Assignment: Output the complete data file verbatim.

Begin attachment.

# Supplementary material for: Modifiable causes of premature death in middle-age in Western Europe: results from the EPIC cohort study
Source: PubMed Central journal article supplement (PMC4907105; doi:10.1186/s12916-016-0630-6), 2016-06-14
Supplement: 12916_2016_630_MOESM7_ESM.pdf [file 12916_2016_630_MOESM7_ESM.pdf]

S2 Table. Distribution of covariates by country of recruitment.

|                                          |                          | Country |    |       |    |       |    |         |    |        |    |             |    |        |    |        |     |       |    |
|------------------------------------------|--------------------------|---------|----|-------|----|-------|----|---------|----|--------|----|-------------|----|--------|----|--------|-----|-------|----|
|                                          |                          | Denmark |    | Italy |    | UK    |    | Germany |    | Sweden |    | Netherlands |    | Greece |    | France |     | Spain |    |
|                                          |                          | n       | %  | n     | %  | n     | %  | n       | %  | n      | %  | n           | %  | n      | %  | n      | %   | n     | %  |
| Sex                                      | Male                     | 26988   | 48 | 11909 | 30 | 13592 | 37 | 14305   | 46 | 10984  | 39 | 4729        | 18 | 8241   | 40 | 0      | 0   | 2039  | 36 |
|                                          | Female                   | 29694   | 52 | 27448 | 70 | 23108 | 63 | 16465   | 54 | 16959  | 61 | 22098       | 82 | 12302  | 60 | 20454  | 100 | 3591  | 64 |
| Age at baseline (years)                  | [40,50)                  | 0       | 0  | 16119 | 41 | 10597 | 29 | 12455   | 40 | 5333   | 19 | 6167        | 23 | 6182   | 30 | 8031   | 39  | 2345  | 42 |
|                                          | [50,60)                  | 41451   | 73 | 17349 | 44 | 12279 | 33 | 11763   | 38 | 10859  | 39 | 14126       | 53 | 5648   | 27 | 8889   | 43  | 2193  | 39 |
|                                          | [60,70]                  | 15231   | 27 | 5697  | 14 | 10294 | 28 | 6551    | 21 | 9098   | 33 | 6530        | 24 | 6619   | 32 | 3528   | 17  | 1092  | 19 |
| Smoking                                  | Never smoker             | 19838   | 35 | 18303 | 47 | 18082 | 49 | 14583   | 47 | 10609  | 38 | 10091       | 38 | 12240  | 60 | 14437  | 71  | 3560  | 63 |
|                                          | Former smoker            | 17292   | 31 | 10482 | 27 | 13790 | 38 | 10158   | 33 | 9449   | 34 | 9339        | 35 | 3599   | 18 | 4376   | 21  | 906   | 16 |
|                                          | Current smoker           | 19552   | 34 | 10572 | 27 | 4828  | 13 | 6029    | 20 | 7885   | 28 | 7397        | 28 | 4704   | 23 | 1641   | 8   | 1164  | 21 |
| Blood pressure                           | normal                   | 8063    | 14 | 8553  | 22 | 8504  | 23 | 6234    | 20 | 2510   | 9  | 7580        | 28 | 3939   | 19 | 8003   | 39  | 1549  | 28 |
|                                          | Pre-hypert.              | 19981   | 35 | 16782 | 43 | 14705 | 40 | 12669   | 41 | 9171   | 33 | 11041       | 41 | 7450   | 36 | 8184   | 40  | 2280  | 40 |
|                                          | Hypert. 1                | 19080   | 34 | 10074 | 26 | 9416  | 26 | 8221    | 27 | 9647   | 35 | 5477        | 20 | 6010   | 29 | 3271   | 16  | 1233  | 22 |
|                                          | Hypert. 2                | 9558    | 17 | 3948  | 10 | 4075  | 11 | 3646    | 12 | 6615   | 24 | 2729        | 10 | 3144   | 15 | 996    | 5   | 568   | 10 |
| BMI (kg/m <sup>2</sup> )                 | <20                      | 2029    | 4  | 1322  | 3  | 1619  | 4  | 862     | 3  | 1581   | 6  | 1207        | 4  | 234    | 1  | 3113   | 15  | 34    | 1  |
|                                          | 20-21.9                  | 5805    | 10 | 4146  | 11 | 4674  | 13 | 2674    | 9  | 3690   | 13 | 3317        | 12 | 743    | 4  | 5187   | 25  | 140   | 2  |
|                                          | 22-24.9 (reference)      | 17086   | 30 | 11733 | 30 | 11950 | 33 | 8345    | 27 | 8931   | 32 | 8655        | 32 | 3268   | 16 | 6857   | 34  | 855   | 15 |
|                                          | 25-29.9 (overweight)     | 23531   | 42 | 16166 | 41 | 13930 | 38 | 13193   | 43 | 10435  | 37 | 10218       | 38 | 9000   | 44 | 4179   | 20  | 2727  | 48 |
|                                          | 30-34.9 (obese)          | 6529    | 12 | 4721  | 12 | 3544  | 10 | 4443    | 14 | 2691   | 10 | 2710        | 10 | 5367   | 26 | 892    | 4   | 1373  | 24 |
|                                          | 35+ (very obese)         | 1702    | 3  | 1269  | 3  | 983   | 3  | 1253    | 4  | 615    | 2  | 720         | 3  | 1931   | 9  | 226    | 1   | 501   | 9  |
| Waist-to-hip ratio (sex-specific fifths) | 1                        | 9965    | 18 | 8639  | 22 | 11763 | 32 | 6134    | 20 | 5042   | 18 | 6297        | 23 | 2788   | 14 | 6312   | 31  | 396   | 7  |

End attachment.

# Supplementary material for: Modifiable causes of premature death in middle-age in Western Europe: results from the EPIC cohort study
Source: PubMed Central journal article supplement (PMC4907105; doi:10.1186/s12916-016-0630-6), 2016-06-14
Supplement: 12916_2016_630_MOESM7_ESM.pdf [file 12916_2016_630_MOESM7_ESM.pdf]

S2 Table. Distribution of covariates by country of recruitment.

|                                          |                          | Country |    |       |    |       |    |         |    |        |    |             |    |        |    |        |     |       |    |
|------------------------------------------|--------------------------|---------|----|-------|----|-------|----|---------|----|--------|----|-------------|----|--------|----|--------|-----|-------|----|
|                                          |                          | Denmark |    | Italy |    | UK    |    | Germany |    | Sweden |    | Netherlands |    | Greece |    | France |     | Spain |    |
|                                          |                          | n       | %  | n     | %  | n     | %  | n       | %  | n      | %  | n           | %  | n      | %  | n      | %   | n     | %  |
| Sex                                      | Male                     | 26988   | 48 | 11909 | 30 | 13592 | 37 | 14305   | 46 | 10984  | 39 | 4729        | 18 | 8241   | 40 | 0      | 0   | 2039  | 36 |
|                                          | Female                   | 29694   | 52 | 27448 | 70 | 23108 | 63 | 16465   | 54 | 16959  | 61 | 22098       | 82 | 12302  | 60 | 20454  | 100 | 3591  | 64 |
| Age at baseline (years)                  | [40,50)                  | 0       | 0  | 16119 | 41 | 10597 | 29 | 12455   | 40 | 5333   | 19 | 6167        | 23 | 6182   | 30 | 8031   | 39  | 2345  | 42 |
|                                          | [50,60)                  | 41451   | 73 | 17349 | 44 | 12279 | 33 | 11763   | 38 | 10859  | 39 | 14126       | 53 | 5648   | 27 | 8889   | 43  | 2193  | 39 |
|                                          | [60,70]                  | 15231   | 27 | 5697  | 14 | 10294 | 28 | 6551    | 21 | 9098   | 33 | 6530        | 24 | 6619   | 32 | 3528   | 17  | 1092  | 19 |
| Smoking                                  | Never smoker             | 19838   | 35 | 18303 | 47 | 18082 | 49 | 14583   | 47 | 10609  | 38 | 10091       | 38 | 12240  | 60 | 14437  | 71  | 3560  | 63 |
|                                          | Former smoker            | 17292   | 31 | 10482 | 27 | 13790 | 38 | 10158   | 33 | 9449   | 34 | 9339        | 35 | 3599   | 18 | 4376   | 21  | 906   | 16 |
|                                          | Current smoker           | 19552   | 34 | 10572 | 27 | 4828  | 13 | 6029    | 20 | 7885   | 28 | 7397        | 28 | 4704   | 23 | 1641   | 8   | 1164  | 21 |
| Blood pressure                           | normal                   | 8063    | 14 | 8553  | 22 | 8504  | 23 | 6234    | 20 | 2510   | 9  | 7580        | 28 | 3939   | 19 | 8003   | 39  | 1549  | 28 |
|                                          | Pre-hypert.              | 19981   | 35 | 16782 | 43 | 14705 | 40 | 12669   | 41 | 9171   | 33 | 11041       | 41 | 7450   | 36 | 8184   | 40  | 2280  | 40 |
|                                          | Hypert. 1                | 19080   | 34 | 10074 | 26 | 9416  | 26 | 8221    | 27 | 9647   | 35 | 5477        | 20 | 6010   | 29 | 3271   | 16  | 1233  | 22 |
|                                          | Hypert. 2                | 9558    | 17 | 3948  | 10 | 4075  | 11 | 3646    | 12 | 6615   | 24 | 2729        | 10 | 3144   | 15 | 996    | 5   | 568   | 10 |
| BMI (kg/m <sup>2</sup> )                 | <20                      | 2029    | 4  | 1322  | 3  | 1619  | 4  | 862     | 3  | 1581   | 6  | 1207        | 4  | 234    | 1  | 3113   | 15  | 34    | 1  |
|                                          | 20-21.9                  | 5805    | 10 | 4146  | 11 | 4674  | 13 | 2674    | 9  | 3690   | 13 | 3317        | 12 | 743    | 4  | 5187   | 25  | 140   | 2  |
|                                          | 22-24.9 (reference)      | 17086   | 30 | 11733 | 30 | 11950 | 33 | 8345    | 27 | 8931   | 32 | 8655        | 32 | 3268   | 16 | 6857   | 34  | 855   | 15 |
|                                          | 25-29.9 (overweight)     | 23531   | 42 | 16166 | 41 | 13930 | 38 | 13193   | 43 | 10435  | 37 | 10218       | 38 | 9000   | 44 | 4179   | 20  | 2727  | 48 |
|                                          | 30-34.9 (obese)          | 6529    | 12 | 4721  | 12 | 3544  | 10 | 4443    | 14 | 2691   | 10 | 2710        | 10 | 5367   | 26 | 892    | 4   | 1373  | 24 |
|                                          | 35+ (very obese)         | 1702    | 3  | 1269  | 3  | 983   | 3  | 1253    | 4  | 615    | 2  | 720         | 3  | 1931   | 9  | 226    | 1   | 501   | 9  |
| Waist-to-hip ratio (sex-specific fifths) | 1                        | 9965    | 18 | 8639  | 22 | 11763 | 32 | 6134    | 20 | 5042   | 18 | 6297        | 23 | 2788   | 14 | 6312   | 31  | 396   | 7  |